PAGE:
Member of Atheists of Florida Arrested for Disrupting School Board’s Prayer

You have to hand it to the Atheists of Florida: They don’t disappear when the initial media spotlight goes away.

They’re still pushing to find out whether Polk County Sheriff Grady Judd did something illegal when he removed basketball hoops from a local prison and gave them to a local church:

Now the group wants more records, including documents detailing which employees were assigned to the project, how many hours they worked on it and which agency vehicles were used to move the basketball goals.

The sheriff ordered the basketball goals removed, saying “going to jail isn’t fun and games.”

The atheist group says it was unconstitutional to give the goals to churches.

In addition, last month, they were kicked out of a Cape Coral City Council meeting for wearing shirts reading “One Nation, Indivisible.”

And now, John Kieffer, a member of the group, has been arrested for causing a “disturbance during a pre-meeting prayer at today’s Polk County School Board meeting.”

Before the meeting began, the man began causing a disturbance, [Bartow Sgt. David] Wyant said. After a warning, the man continued to disrupt a pre-meeting prayer and was removed from the meeting.

The article doesn’t mention what exactly Kieffer did… or why there were prayers taking place at the school board meeting in the first place.

The school board will likely say the prayer is legal because it’s taking place before the official meeting — but, similarly, no one should be arrested for “disorderly conduct” for a “disruption” taking place before a meeting, either.

(Thanks to Jaime for the link!)

***Update***: Well, now we know what Keiffer yelled out:

Kieffer stood near School Board members while Wachs took photographs during the prayer before the meeting began. He also spoke as the minister was speaking.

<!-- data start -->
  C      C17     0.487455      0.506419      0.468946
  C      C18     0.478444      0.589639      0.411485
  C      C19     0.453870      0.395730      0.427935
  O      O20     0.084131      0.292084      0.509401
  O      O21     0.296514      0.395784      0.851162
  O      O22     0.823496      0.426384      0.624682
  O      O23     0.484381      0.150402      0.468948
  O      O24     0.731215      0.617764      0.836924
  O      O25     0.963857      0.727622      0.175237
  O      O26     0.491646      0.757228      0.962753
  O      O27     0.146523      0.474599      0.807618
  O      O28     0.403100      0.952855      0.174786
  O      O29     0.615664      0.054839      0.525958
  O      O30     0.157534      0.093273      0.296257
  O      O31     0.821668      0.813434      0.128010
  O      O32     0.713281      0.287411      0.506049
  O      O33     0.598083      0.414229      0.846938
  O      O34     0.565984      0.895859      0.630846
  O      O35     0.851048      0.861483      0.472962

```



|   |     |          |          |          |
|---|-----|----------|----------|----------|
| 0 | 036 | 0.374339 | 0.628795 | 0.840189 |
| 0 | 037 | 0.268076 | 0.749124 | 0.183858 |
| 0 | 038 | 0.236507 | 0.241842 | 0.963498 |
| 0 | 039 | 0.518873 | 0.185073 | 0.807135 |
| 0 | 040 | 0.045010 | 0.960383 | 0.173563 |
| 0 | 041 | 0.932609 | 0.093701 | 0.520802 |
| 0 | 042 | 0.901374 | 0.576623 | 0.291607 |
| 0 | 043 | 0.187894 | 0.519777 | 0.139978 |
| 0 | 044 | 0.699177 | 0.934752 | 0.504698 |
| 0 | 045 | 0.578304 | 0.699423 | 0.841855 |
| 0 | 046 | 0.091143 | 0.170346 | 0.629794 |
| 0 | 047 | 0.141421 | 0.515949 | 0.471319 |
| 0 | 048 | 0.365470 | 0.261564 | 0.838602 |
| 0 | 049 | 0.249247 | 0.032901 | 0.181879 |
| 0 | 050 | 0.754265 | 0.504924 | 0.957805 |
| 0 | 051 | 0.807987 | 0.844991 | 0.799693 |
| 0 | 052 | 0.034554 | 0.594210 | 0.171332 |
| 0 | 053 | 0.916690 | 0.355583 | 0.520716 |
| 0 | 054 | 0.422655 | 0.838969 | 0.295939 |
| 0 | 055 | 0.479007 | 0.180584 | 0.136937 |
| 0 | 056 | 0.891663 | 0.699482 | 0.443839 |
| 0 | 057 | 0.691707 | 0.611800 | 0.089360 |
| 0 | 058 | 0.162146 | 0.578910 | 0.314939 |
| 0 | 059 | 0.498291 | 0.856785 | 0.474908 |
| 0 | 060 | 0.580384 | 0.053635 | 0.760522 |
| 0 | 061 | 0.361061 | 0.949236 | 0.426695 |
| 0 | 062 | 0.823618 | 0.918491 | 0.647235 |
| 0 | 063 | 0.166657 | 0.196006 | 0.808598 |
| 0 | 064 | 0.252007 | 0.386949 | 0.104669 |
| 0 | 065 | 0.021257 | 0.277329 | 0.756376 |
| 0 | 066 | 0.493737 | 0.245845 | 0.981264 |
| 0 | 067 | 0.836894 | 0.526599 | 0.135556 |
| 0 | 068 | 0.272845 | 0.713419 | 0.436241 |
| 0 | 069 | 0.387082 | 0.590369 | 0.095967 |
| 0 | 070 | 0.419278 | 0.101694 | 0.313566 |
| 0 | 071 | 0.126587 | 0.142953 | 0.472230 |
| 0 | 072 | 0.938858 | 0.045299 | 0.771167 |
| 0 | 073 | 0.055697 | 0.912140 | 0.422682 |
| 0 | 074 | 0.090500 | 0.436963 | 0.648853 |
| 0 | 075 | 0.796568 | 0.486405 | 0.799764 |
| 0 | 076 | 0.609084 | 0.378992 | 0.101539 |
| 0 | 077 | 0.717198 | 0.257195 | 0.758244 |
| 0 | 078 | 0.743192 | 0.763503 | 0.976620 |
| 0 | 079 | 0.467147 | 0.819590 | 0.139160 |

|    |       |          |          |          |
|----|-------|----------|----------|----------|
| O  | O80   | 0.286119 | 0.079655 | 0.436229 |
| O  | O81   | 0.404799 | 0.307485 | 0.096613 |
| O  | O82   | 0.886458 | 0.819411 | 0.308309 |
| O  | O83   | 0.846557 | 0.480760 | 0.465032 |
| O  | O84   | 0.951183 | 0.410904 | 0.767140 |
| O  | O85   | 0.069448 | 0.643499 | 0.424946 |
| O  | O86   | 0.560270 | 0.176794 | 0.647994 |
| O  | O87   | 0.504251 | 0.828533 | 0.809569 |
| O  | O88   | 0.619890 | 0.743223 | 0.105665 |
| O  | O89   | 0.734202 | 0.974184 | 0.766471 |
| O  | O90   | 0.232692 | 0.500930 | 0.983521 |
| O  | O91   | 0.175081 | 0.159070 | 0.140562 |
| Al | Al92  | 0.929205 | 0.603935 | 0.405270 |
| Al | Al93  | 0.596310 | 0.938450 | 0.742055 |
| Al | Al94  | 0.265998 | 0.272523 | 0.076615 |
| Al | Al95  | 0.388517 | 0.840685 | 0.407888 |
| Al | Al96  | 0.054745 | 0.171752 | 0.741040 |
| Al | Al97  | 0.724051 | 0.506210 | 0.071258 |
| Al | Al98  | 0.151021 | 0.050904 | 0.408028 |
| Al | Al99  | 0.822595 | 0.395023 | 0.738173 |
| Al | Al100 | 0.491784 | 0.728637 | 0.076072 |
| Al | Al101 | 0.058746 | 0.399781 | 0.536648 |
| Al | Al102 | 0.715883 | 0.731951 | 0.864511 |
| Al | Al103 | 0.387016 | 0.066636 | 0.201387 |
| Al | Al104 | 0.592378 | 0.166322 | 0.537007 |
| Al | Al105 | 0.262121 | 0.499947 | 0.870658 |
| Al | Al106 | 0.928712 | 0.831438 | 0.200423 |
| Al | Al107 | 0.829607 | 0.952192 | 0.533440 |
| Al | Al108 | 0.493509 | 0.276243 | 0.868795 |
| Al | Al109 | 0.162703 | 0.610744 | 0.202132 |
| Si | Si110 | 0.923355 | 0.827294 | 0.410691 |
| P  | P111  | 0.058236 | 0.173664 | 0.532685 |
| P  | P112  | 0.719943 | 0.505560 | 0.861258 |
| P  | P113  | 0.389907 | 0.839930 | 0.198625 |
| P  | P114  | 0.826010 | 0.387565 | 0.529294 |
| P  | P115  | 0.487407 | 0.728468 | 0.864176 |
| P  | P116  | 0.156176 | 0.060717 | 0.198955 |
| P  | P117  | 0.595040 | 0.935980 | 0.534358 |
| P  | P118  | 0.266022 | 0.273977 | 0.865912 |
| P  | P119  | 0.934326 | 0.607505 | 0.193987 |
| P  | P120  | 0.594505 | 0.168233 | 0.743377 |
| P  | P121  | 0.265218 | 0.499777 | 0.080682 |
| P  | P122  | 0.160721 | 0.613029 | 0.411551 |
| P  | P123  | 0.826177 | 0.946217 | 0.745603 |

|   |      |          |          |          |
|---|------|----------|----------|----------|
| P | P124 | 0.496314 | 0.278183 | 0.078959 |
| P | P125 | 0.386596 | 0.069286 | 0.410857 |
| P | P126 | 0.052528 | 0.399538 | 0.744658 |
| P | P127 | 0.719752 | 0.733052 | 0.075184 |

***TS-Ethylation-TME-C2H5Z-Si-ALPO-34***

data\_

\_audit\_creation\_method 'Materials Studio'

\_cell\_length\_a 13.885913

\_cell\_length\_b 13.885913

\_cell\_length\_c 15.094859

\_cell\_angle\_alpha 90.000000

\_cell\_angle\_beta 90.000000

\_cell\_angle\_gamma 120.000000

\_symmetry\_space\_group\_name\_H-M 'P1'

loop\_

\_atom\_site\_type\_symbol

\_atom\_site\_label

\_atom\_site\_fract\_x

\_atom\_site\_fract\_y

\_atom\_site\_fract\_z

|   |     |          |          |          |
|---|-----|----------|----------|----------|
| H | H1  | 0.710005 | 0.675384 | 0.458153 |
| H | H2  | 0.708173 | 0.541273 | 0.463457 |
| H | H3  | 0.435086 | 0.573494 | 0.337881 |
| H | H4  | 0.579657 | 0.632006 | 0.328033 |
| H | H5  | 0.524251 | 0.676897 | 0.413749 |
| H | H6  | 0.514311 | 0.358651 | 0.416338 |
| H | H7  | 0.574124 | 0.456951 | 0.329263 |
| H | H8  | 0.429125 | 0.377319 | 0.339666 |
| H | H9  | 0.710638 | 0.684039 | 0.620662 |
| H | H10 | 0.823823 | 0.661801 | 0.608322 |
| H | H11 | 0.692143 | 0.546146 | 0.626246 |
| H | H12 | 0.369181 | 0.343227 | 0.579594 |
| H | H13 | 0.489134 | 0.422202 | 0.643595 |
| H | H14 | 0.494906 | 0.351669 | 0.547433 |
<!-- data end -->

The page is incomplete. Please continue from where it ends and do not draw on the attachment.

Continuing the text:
After the invocation, he was rebuked by board member Frank O’Reilly for the disruption.

Wyant said that is when Kieffer yelled, “Prayer has no place in government! Prayer has no place in government!”

Murphy asked Bartow police Officers Jason Griffith and Julio Pagan to remove Kieffer from the auditorium.

Kieffer braced himself against the officers as they dragged him out of the room, Wyant said.

After board Chairman Kay Fields told Kieffer to leave, he said he wasn’t violating any laws because the meeting hadn’t officially started.

“It has now,” Fields said, and she slammed down her gavel.


  • WishinItWas

    cant they pray on their own in the car before the meeting?

  • Nicole

    To be fair, he did cause a disturbance. I probably would have waited until the prayer was finished, or objected before it began. It just seems impolite to interupt someone while they are speaking, even if they are praying. But getting him arrested is a bit of an over-reaction.

    Also, what is the end of that first line supposed to be? It appears to have been cut off.

  • Patrick

    It seems this was rather carefully calculated to make a point – the board has been put in a position where they must either admit they were praying during an official government meeting, or they caused to have an individual arrested for interrupting someone else’s conversation. Pretty clever, I’d say. I’d like to see where this goes.

  • ACN

    It seems this was rather carefully calculated to make a point – the board has been put in a position where they must either admit they were praying during an official government meeting, or they caused to have an individual arrested for interrupting someone else’s conversation. Pretty clever, I’d say. I’d like to see where this goes.